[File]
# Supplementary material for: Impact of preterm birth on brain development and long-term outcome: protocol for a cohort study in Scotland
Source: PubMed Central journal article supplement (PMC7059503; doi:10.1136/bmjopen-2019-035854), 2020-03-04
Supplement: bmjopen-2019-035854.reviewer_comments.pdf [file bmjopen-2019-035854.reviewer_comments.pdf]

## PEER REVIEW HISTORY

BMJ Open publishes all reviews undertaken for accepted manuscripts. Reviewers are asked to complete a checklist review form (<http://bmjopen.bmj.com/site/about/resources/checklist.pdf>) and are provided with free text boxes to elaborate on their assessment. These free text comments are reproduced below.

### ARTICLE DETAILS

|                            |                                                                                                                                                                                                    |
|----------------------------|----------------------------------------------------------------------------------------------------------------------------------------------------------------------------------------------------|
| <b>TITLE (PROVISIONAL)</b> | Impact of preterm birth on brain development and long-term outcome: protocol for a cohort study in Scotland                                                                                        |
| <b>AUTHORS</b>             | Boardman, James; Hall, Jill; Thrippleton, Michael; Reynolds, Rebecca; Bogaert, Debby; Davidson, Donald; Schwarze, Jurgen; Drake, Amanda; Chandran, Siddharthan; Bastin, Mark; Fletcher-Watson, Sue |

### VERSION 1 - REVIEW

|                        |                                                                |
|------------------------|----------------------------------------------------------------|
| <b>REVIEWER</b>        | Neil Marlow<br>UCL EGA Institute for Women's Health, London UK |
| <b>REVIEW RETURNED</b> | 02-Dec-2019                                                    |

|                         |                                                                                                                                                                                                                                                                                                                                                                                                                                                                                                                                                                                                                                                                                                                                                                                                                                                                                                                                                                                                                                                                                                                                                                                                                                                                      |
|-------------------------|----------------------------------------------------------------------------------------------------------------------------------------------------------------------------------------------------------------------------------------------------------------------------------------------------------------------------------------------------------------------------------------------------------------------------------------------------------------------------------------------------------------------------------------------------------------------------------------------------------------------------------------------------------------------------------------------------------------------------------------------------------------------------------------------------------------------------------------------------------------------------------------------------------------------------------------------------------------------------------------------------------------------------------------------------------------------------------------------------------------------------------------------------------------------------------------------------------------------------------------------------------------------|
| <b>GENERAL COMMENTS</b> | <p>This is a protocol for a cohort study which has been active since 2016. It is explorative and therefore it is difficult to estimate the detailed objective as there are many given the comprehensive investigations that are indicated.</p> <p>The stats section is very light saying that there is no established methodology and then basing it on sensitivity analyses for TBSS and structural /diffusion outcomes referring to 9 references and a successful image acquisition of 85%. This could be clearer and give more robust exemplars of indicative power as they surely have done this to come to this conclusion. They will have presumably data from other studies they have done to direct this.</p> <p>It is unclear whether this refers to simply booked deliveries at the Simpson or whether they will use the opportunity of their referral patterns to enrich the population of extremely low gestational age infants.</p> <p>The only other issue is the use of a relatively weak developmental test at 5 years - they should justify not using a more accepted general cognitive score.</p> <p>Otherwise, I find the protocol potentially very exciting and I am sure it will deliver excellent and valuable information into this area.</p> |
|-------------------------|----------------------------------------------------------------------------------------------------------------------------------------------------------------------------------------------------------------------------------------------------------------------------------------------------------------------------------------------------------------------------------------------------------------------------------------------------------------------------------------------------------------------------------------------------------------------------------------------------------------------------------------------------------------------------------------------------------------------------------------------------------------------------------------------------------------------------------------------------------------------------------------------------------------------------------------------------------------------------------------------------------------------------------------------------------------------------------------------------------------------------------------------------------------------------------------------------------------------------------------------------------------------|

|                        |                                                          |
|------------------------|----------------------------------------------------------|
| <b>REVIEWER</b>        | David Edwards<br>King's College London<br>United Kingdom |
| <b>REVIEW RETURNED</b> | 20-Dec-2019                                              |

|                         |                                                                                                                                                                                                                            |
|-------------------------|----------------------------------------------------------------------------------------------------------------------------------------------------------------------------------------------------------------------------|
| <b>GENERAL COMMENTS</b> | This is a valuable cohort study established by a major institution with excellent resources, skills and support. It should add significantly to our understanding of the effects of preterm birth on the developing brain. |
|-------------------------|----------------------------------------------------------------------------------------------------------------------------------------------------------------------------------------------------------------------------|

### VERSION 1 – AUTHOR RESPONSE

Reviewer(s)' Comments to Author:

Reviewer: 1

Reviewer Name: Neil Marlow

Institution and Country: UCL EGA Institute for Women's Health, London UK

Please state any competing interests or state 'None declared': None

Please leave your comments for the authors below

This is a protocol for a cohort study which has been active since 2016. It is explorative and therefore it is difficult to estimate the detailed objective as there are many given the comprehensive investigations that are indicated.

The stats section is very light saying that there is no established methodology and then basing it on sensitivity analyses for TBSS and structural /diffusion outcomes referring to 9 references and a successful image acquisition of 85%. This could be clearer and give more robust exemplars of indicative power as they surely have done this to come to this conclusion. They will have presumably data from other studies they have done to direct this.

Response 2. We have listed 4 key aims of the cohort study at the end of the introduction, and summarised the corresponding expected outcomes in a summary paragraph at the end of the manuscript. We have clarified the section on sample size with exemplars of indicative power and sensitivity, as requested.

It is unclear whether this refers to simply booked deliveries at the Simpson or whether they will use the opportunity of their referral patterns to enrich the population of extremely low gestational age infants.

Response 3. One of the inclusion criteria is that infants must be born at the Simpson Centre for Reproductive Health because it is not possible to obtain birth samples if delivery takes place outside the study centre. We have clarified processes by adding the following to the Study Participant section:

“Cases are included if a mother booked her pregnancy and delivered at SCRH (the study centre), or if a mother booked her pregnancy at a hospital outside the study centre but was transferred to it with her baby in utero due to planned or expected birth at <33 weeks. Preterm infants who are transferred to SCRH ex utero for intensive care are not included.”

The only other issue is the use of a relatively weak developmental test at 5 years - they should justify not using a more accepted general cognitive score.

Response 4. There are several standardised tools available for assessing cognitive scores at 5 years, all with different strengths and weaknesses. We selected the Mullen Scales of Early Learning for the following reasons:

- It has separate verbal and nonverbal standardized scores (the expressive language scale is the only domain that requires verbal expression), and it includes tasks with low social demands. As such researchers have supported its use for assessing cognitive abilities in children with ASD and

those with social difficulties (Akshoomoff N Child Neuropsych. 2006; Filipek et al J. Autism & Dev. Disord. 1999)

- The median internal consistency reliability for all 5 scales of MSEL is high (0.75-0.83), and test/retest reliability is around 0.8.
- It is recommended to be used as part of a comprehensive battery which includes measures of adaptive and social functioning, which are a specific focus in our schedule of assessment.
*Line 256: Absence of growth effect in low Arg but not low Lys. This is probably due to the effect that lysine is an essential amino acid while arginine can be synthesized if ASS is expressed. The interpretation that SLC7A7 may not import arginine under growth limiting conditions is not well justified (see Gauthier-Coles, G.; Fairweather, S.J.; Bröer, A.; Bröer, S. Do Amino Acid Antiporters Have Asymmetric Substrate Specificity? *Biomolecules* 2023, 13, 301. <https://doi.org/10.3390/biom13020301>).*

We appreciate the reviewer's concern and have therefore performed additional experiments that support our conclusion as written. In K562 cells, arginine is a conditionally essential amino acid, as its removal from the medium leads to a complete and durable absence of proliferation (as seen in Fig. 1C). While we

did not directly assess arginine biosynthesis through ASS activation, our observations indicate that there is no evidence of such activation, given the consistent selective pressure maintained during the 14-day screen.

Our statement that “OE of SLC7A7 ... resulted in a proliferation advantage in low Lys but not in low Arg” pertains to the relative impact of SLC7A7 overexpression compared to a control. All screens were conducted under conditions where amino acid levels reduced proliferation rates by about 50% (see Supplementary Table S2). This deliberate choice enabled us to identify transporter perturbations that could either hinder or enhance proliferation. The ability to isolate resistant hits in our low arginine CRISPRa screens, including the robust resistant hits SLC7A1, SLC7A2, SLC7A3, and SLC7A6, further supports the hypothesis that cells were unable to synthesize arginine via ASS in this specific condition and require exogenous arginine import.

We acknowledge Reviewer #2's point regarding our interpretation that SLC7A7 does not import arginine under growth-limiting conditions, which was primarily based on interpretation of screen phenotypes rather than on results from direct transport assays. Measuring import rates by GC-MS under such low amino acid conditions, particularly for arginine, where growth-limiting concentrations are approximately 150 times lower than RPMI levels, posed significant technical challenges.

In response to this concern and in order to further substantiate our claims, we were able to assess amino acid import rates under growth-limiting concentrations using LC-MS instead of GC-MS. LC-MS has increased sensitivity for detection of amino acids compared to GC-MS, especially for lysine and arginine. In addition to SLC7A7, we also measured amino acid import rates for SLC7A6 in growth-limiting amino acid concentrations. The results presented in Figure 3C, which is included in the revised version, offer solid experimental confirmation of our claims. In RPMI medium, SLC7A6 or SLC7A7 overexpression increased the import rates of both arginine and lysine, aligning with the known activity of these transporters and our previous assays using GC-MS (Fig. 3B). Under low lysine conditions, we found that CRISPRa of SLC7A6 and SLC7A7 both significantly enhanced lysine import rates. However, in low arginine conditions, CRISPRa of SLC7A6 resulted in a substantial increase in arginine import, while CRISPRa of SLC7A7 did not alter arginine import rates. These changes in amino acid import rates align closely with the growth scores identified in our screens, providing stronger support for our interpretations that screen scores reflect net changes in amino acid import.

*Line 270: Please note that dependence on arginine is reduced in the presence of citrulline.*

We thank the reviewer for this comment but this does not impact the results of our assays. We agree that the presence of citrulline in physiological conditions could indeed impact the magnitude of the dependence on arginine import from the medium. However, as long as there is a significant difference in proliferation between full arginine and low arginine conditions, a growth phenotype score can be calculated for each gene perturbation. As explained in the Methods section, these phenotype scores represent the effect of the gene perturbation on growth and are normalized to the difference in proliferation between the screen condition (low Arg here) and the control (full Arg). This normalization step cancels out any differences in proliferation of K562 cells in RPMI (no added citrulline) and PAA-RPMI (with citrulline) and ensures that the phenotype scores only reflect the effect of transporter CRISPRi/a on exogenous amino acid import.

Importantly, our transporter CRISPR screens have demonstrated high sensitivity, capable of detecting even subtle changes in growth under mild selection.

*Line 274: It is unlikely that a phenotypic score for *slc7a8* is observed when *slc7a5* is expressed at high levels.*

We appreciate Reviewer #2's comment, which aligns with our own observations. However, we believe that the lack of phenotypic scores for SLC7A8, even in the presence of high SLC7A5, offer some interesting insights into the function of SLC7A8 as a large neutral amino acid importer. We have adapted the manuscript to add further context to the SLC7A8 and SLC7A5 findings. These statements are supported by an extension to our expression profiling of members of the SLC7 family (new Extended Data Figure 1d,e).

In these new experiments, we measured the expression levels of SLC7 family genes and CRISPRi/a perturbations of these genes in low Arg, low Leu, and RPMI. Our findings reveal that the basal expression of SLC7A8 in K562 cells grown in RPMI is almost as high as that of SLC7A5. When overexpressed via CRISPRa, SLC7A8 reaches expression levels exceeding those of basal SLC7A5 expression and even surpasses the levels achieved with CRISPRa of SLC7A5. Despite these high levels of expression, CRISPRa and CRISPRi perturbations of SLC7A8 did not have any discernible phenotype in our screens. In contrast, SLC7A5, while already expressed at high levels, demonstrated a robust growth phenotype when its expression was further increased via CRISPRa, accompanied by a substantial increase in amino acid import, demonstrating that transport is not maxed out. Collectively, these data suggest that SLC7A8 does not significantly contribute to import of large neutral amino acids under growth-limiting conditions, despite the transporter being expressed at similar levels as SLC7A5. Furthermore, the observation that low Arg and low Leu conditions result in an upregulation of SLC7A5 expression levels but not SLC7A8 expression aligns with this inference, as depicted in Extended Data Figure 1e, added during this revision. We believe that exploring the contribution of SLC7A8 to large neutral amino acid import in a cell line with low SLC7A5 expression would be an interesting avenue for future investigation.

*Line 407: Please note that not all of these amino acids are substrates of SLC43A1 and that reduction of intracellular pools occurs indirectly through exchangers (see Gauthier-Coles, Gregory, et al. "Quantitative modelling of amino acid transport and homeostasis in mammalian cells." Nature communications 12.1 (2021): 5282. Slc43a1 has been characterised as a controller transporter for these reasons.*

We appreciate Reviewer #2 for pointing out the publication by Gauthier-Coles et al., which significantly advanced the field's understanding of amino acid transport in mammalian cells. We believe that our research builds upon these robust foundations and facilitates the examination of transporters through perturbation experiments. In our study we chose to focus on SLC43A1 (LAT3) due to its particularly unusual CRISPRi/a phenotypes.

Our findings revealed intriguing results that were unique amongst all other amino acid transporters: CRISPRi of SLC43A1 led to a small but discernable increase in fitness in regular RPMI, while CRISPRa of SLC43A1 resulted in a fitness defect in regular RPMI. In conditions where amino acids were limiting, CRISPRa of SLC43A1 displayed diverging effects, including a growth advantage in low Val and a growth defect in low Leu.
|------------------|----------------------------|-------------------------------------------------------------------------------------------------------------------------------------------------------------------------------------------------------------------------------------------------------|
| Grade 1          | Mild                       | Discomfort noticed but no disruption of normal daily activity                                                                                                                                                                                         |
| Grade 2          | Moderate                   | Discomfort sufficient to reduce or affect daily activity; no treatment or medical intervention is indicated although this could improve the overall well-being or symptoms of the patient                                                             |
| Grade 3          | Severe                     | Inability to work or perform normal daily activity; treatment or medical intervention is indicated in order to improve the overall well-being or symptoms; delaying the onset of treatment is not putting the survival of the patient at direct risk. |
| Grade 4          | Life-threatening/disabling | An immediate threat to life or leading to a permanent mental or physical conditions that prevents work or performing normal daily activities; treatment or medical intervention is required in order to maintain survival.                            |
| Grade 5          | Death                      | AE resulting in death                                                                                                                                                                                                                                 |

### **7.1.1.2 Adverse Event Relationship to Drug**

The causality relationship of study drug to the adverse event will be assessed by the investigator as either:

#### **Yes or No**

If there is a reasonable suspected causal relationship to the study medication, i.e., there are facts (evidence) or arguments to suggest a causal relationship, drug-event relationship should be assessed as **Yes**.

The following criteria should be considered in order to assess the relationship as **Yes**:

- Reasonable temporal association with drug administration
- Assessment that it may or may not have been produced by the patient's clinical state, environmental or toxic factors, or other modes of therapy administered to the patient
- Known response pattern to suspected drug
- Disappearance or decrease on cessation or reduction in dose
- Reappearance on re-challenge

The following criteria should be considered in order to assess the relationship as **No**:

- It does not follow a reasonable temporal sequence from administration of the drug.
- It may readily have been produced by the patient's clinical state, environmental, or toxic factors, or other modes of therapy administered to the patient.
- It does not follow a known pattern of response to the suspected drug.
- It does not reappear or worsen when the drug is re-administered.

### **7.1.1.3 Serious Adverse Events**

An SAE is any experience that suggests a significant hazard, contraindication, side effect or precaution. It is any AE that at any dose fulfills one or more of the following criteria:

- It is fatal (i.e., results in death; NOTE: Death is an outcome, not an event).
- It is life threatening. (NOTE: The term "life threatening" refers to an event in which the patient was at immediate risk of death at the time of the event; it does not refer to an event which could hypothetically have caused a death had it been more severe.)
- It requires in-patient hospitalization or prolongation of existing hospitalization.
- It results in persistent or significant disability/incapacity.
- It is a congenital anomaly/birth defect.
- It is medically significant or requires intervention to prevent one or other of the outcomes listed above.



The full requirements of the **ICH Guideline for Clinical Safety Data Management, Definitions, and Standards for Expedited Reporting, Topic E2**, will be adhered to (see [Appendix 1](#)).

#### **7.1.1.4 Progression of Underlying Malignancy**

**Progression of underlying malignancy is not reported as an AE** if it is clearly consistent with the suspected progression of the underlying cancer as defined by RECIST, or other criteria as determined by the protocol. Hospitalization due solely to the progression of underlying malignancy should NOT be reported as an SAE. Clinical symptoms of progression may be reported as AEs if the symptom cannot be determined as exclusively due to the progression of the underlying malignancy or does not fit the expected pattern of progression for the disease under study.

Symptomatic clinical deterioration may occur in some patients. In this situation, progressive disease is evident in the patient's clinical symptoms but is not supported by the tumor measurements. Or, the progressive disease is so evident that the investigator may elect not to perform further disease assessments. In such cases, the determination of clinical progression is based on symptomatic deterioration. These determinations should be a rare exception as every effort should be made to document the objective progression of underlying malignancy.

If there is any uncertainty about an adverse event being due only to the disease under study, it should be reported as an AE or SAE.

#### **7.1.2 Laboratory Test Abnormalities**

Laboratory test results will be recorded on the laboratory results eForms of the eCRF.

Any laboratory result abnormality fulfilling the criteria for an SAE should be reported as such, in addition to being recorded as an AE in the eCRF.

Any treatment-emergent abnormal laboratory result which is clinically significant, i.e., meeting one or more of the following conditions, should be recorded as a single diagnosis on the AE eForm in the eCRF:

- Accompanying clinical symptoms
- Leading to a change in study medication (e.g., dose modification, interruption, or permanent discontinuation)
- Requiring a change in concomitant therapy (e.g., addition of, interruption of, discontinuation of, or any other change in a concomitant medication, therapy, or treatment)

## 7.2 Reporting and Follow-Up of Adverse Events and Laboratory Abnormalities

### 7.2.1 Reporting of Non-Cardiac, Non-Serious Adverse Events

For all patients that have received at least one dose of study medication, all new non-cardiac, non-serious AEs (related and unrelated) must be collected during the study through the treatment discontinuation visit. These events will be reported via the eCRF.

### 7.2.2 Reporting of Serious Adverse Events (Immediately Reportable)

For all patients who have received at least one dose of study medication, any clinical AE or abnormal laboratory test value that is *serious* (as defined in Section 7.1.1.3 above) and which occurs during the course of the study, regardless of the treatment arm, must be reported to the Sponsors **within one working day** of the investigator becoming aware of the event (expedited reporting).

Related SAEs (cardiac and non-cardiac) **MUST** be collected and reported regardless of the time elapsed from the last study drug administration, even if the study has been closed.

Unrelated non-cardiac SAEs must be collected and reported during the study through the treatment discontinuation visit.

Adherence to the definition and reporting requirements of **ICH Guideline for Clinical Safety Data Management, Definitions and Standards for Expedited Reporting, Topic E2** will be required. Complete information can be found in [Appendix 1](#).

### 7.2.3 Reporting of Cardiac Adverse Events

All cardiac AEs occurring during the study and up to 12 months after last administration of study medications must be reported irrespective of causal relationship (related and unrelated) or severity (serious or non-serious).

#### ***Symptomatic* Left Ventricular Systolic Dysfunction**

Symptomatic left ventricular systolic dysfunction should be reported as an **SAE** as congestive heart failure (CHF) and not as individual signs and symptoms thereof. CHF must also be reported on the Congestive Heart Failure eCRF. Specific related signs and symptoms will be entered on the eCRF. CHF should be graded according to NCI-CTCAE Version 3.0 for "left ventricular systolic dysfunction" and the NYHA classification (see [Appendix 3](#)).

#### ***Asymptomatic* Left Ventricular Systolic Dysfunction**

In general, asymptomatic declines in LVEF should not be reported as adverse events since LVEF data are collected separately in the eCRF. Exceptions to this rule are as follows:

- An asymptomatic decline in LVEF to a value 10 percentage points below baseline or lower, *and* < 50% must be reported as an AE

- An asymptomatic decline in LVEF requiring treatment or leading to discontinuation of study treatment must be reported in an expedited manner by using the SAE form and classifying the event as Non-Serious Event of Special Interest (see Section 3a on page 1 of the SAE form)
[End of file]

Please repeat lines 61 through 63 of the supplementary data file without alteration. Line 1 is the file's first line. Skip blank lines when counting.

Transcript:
Our findings revealed intriguing results that were unique amongst all other amino acid transporters: CRISPRi of SLC43A1 led to a small but discernable increase in fitness in regular RPMI, while CRISPRa of SLC43A1 resulted in a fitness defect in regular RPMI. In conditions where amino acids were limiting, CRISPRa of SLC43A1 displayed diverging effects, including a growth advantage in low Val and a growth defect in low Leu.
|------------------|----------------------------|-------------------------------------------------------------------------------------------------------------------------------------------------------------------------------------------------------------------------------------------------------|
| Grade 1          | Mild                       | Discomfort noticed but no disruption of normal daily activity                                                                                                                                                                                         |